“Fred Burwick was an esteemed colleague, devoted teacher and mentor of graduate students, and extraordinarily productive scholar. We at UCLA will miss him greatly,” said Distinguished Research Professor of English Anne K. Mellor. During his years on the UCLA faculty, professor Burwick taught in visiting positions in Germany at the universities of Würzburg, Siegen, Göttingen and Bamberg. He was also invited to lecture at Cologne, Heidelberg, Leipzig and Munich, as well as Oxford and Cambridge Universities in England.
An avid promoter of undergraduate and graduate educational programs, he spent two years (from 1992 to 1994) as the director of the UC Education Abroad Program at the University of Göttingen. He was widely recognized for generosity to his students and colleagues, unfailingly willing to go the extra mile to help them in any way he could. He was virtually a fixture at the summer Wordsworth Conference in Grasmere, England, where scholars and students gathered to celebrate the life and works of British Romantic writers like William Wordsworth and Samuel Taylor Coleridge. One of the regular attendees, professor Drummond Bone, former master of Balliol College, Oxford, said, “Fred was one of my heroes from the Wordsworth Summer Conference. He was just intellectually so astute!”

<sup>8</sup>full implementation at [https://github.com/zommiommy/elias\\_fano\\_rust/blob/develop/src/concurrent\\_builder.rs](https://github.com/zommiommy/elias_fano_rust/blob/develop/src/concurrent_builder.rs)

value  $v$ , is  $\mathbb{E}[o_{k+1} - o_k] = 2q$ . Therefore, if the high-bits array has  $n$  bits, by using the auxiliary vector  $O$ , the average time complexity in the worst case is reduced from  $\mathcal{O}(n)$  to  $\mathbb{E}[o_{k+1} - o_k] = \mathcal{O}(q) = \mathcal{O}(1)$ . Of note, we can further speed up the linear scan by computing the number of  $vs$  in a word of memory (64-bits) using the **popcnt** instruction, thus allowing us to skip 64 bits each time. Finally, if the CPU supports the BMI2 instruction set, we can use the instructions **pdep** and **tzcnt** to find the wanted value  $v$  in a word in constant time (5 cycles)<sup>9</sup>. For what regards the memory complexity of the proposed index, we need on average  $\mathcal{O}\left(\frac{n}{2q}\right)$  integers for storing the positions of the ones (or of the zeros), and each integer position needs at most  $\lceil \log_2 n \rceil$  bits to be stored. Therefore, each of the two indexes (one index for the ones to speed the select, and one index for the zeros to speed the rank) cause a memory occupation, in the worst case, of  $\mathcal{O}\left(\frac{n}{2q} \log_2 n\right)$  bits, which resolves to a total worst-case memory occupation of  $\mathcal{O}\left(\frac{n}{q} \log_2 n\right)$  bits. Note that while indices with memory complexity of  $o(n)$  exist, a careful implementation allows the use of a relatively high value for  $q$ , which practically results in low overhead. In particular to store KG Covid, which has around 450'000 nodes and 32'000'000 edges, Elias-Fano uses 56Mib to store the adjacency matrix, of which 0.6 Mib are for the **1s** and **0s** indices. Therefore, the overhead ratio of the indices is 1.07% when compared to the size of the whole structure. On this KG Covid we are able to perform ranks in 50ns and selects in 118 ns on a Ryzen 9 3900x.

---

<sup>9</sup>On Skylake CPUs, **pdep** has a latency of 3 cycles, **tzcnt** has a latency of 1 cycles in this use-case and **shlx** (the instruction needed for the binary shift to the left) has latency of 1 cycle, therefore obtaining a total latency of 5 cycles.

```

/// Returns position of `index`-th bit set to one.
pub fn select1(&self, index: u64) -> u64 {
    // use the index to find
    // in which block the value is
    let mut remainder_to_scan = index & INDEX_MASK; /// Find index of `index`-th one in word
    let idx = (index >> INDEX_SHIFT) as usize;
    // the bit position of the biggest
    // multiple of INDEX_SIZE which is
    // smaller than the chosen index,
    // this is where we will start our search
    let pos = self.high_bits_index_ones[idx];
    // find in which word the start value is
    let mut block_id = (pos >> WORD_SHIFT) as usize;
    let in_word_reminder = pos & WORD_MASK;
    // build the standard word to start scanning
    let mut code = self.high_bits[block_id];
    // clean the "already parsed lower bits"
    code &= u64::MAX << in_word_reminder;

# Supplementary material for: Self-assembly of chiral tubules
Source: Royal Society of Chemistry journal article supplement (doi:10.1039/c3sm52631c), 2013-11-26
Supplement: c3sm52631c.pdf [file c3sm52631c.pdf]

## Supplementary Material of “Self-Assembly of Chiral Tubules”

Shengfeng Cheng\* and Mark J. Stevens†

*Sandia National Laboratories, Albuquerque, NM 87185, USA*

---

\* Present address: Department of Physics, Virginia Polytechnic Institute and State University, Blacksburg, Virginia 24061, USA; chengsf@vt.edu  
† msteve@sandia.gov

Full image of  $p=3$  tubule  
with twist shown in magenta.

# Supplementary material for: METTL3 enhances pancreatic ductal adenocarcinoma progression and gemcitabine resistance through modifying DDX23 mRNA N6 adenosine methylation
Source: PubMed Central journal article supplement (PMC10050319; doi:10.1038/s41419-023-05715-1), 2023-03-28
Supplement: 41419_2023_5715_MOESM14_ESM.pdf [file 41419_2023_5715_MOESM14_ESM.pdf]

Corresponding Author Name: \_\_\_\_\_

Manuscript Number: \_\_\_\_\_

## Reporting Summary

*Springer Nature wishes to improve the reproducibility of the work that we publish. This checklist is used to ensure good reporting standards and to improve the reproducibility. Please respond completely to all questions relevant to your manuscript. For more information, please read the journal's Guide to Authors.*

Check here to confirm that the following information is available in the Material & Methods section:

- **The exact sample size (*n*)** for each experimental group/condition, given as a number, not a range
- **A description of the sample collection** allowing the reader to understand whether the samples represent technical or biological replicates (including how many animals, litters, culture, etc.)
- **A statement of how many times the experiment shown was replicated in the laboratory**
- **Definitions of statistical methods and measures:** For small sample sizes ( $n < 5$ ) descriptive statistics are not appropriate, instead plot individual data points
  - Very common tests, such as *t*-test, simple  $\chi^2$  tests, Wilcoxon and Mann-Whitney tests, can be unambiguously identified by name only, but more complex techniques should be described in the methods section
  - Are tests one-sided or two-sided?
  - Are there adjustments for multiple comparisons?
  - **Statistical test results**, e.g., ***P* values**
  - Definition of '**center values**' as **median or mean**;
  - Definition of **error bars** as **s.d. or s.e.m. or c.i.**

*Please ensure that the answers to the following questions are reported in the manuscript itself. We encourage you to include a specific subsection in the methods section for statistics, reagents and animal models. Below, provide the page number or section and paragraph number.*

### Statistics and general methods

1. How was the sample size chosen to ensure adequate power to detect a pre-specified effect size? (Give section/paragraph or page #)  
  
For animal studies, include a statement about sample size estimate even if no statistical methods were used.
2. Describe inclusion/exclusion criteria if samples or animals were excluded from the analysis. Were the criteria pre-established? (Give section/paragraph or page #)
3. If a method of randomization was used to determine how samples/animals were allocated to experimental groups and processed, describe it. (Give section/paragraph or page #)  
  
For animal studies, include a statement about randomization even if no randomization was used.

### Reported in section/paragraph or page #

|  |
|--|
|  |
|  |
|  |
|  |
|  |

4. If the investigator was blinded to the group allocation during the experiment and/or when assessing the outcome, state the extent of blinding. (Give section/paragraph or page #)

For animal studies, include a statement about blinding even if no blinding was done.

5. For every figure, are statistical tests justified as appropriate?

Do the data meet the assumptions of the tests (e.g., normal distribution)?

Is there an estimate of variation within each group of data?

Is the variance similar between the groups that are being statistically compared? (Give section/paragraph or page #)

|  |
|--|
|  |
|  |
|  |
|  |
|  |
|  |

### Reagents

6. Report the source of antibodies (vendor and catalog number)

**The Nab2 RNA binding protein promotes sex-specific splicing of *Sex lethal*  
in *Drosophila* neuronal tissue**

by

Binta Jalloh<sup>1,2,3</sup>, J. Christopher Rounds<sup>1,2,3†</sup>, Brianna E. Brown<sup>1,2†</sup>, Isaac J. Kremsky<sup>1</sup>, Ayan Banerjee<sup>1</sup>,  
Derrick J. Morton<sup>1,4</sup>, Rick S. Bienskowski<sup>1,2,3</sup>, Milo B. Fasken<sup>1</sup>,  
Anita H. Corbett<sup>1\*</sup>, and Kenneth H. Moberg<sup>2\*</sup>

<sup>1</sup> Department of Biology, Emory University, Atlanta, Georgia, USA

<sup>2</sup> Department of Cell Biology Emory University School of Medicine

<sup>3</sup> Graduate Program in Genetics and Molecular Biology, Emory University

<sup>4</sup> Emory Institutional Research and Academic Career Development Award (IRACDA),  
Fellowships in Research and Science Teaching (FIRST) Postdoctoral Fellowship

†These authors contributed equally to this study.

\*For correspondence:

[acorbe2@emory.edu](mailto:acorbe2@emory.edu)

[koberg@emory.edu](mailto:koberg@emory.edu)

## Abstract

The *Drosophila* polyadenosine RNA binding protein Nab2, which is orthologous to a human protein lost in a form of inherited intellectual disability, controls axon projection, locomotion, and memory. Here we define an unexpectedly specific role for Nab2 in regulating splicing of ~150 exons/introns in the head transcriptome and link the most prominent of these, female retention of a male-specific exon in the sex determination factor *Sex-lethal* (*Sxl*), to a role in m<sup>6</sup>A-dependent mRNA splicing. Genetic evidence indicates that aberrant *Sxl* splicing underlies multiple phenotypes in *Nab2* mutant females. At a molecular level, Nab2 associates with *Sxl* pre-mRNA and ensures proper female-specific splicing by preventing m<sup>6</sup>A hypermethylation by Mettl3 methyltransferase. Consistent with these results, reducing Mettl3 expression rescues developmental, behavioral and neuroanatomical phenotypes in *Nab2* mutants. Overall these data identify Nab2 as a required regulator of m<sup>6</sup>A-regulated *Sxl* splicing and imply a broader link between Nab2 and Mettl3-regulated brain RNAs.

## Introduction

Larry H. Peer, president of the International Conference on Romanticism and longtime PAMLA member, added, “Fred was known for his ebullient sense of humor and his ever-present helpfulness to colleagues and students in their endeavors. He almost never missed an annual meeting of the ICR, and was regularly present around the world at scholarly gatherings.” For many years, he took groups of alumni on trips to Europe, lecturing on important historical sites.